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On October 27, 2019, the criminal court in Tabuk in northern Saudi Arabia issued a death sentence for minor Abdullah Al-Huwaiti after he was charged with armed robbery of a jewelry store and the killing of a soldier with a firearm in Duba Governorate.Five others were convicted for their involvement in the crime and sentenced to fifteen years’ imprisonment and one thousand lashes. They were also ordered to pay 800,000 Saudi riyals, an amount equal in value to the stolen goods.
On May 8, 2017, masked security agents raided the family home of the then 14-year-old Al-Huwaiti(born on July 18, 2002), arresting him and his brother Abdulaziz. Both were taken to the police station in Duba, where they were charged with the crime of robbery and murder committed on May 6, 2017.
Abdullah’s mother posted his diary entries on Twitter which spokeof the treatment he received from the time of his arrest until he signed off on statements recorded by the investigator. The boy was subjected to appalling conditions that compelled him to admit to statements he did not make and to incidents he was not involved in.
In his diary, Abdullah said he was forced to stand for long hours at the Duba police station while guards insulted and verbally abused him. When he was transferred to the criminal investigation center in Tabuk, the physical and psychological torture began to intensify in order to make him confess to committing the crime. This despite the fact that surveillance camerasrevealed Abdullah to have beenonthe Corniche in the city of Duba at the time the crime occurred.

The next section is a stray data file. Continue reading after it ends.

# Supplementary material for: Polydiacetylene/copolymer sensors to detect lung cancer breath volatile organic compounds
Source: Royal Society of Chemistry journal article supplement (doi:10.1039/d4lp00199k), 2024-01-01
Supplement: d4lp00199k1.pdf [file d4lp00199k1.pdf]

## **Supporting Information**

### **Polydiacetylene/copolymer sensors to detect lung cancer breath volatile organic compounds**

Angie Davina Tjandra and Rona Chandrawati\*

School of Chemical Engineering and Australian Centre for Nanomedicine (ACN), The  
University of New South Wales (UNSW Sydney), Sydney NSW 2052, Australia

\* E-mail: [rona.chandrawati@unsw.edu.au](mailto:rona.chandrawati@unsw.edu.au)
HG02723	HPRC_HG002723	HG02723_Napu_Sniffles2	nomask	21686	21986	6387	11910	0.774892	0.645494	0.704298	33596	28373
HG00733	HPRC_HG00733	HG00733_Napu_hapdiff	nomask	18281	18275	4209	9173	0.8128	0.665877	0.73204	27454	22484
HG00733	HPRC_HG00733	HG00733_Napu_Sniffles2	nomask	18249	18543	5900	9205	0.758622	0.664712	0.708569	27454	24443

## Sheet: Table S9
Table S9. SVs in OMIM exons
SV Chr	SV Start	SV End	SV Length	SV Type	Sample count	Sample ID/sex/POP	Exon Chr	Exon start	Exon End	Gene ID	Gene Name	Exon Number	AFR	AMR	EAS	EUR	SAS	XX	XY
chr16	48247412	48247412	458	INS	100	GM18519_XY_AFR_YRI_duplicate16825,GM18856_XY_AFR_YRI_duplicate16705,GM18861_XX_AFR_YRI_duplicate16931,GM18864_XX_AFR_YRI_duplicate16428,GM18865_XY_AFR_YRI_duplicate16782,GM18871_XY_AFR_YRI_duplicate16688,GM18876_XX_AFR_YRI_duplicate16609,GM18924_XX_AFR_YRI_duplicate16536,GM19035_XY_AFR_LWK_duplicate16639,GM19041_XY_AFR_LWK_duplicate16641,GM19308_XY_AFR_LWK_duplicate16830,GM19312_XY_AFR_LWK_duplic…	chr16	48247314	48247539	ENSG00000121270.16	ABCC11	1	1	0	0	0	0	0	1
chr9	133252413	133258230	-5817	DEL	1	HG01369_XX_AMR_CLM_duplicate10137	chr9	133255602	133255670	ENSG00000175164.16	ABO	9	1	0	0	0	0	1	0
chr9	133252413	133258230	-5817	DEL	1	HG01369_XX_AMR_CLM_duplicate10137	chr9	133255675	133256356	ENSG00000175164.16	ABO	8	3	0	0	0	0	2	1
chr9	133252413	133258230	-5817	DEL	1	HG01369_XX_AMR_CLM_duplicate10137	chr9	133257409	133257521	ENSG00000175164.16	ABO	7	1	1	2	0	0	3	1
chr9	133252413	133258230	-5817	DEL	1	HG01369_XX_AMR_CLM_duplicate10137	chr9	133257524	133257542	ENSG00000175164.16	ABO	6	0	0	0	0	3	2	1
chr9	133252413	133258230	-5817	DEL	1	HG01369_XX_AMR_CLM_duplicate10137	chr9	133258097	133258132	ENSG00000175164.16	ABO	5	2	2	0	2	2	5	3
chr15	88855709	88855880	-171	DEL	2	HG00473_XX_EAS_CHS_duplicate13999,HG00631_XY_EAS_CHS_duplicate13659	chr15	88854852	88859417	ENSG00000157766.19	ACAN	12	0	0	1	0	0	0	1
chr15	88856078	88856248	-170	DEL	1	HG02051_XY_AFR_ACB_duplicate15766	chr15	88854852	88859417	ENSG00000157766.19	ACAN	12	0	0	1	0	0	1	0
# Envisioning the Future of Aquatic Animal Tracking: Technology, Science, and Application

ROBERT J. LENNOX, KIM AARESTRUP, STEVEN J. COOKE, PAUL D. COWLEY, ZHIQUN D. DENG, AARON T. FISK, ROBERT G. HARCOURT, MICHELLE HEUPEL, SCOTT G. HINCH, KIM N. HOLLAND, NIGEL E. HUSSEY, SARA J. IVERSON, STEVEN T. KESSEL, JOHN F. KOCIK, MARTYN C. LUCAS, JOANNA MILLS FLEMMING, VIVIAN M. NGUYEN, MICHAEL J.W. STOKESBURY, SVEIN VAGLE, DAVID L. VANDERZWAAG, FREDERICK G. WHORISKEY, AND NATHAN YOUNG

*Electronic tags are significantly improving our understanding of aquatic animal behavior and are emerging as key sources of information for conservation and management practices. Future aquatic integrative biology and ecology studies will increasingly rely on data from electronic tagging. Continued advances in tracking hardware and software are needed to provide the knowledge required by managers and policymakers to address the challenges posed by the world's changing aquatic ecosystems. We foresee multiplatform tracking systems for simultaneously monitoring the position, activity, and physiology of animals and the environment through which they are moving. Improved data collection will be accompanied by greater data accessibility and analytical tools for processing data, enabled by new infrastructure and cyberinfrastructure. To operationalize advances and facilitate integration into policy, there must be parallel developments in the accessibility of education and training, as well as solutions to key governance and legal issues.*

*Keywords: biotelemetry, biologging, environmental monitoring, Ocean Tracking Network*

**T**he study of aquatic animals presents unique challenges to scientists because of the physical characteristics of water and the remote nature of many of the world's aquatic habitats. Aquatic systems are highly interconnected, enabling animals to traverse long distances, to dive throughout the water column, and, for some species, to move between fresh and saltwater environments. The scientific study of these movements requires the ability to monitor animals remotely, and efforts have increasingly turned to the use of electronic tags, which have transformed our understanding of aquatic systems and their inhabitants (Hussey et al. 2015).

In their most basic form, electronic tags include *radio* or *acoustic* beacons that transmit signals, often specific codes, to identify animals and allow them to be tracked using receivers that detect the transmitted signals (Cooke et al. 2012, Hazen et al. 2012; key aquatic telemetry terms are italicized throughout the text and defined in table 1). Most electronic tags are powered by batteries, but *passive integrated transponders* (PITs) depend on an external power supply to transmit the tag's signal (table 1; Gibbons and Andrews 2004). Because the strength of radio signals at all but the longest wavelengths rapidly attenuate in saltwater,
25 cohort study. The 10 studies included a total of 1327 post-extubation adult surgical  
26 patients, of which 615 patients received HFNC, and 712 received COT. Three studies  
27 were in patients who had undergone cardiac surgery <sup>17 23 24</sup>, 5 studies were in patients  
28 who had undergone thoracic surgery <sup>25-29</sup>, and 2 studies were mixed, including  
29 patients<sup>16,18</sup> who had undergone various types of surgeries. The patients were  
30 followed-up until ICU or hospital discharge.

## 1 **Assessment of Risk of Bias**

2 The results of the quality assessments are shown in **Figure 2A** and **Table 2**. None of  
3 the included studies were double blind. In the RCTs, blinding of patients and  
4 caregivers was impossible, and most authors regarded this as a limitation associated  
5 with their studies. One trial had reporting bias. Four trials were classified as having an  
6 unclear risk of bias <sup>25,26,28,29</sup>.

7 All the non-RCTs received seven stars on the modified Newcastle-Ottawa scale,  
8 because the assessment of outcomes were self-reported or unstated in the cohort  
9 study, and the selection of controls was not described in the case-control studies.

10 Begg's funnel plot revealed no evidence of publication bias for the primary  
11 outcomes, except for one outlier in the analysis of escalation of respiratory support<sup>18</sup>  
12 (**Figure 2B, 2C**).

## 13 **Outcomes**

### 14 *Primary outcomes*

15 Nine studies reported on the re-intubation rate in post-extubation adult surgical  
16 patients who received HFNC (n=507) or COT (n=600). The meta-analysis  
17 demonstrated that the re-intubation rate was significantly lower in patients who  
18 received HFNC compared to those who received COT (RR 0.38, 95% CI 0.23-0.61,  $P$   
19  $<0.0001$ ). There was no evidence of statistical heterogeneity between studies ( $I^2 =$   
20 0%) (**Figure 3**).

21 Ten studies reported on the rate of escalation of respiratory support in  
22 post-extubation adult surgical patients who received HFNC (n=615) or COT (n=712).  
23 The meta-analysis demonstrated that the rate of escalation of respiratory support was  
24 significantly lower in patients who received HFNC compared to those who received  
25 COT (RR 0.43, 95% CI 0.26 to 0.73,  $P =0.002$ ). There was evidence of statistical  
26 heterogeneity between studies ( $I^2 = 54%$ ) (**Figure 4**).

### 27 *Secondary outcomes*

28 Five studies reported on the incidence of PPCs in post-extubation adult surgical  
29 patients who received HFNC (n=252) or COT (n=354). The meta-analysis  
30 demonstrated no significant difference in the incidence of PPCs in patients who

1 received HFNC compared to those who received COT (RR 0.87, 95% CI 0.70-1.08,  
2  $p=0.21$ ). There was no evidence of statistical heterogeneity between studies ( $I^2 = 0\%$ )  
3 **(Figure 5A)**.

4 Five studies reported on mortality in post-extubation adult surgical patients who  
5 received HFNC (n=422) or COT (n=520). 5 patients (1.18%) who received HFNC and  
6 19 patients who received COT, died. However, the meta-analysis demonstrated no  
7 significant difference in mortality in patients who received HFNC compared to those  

The following are among the types of torture Abdullah al-Huwaitiexperienced:
- Forced to stand for hours at a time until he lost consciousness.
- Beaten and slapped on the face.
- Hit with an electrical cable on the soles of his feet (falaqa).
- Hit with an electrical cable on different parts of his body until he lost consciousness.
- Forced to stand directly in front of an air conditioner.
- Severely beaten while being forced to hold the legs of his brother Abdulazizduring the latter’s torture with falaqa.
- Psychologically tortured by being told his mother and sisters were in prison and would only be released once he confessed to having committed the crime.
Abdullah mentioned that after enduring rounds of physical torture at the hands of Captain Mohammed Saleh Al-Anzi,he told his tormentor to write whatever he wanted and agreed to sign it with his fingerprint. Captain Al-Anzi then ordered another officer to write while he dictated. When Abdullahbecame hesitant, Al-Anzi falsely claimed that his mother and sisters were in prison and that he would release them along with his brother Abdulazizwho had been arrested on the same charge. This prompted Abdullah tofingerprint theconfession.
Abdullah also wrotethat he was then transferred to the juvenile observation home in Tabuk. Investigator Ali al-Shamrani asked him to explain what happened to which he responded that his statements at the criminal investigation center were made under duress. Next, he was taken to a prisoncell. Sometime after midnight, Captain Mohammed Saleh Al-Anzi, who had previously tortured him, came in with a group of soldiers. They woke him up and informed him he was being transferred again. Abdullah was blindfolded and escorted back to the criminal investigation unit. According to his diary, Al-Anzi threatened to pull out his nails, suspend him from one hand, and torture him in other ways he could scarcely imagine. Abdullahpleaded with him, promisingnot to tell anyone about his treatment again.
The next day, Captain Al-Anzi took him to court. Judge Ali Abdullah read outthe confession and Al-Huwaiti pleaded guilty, afraid of what would happen to him ifhe revealed how he was tortured. Afterwards, Al-Anzismirked and told him: “Now you can eat!”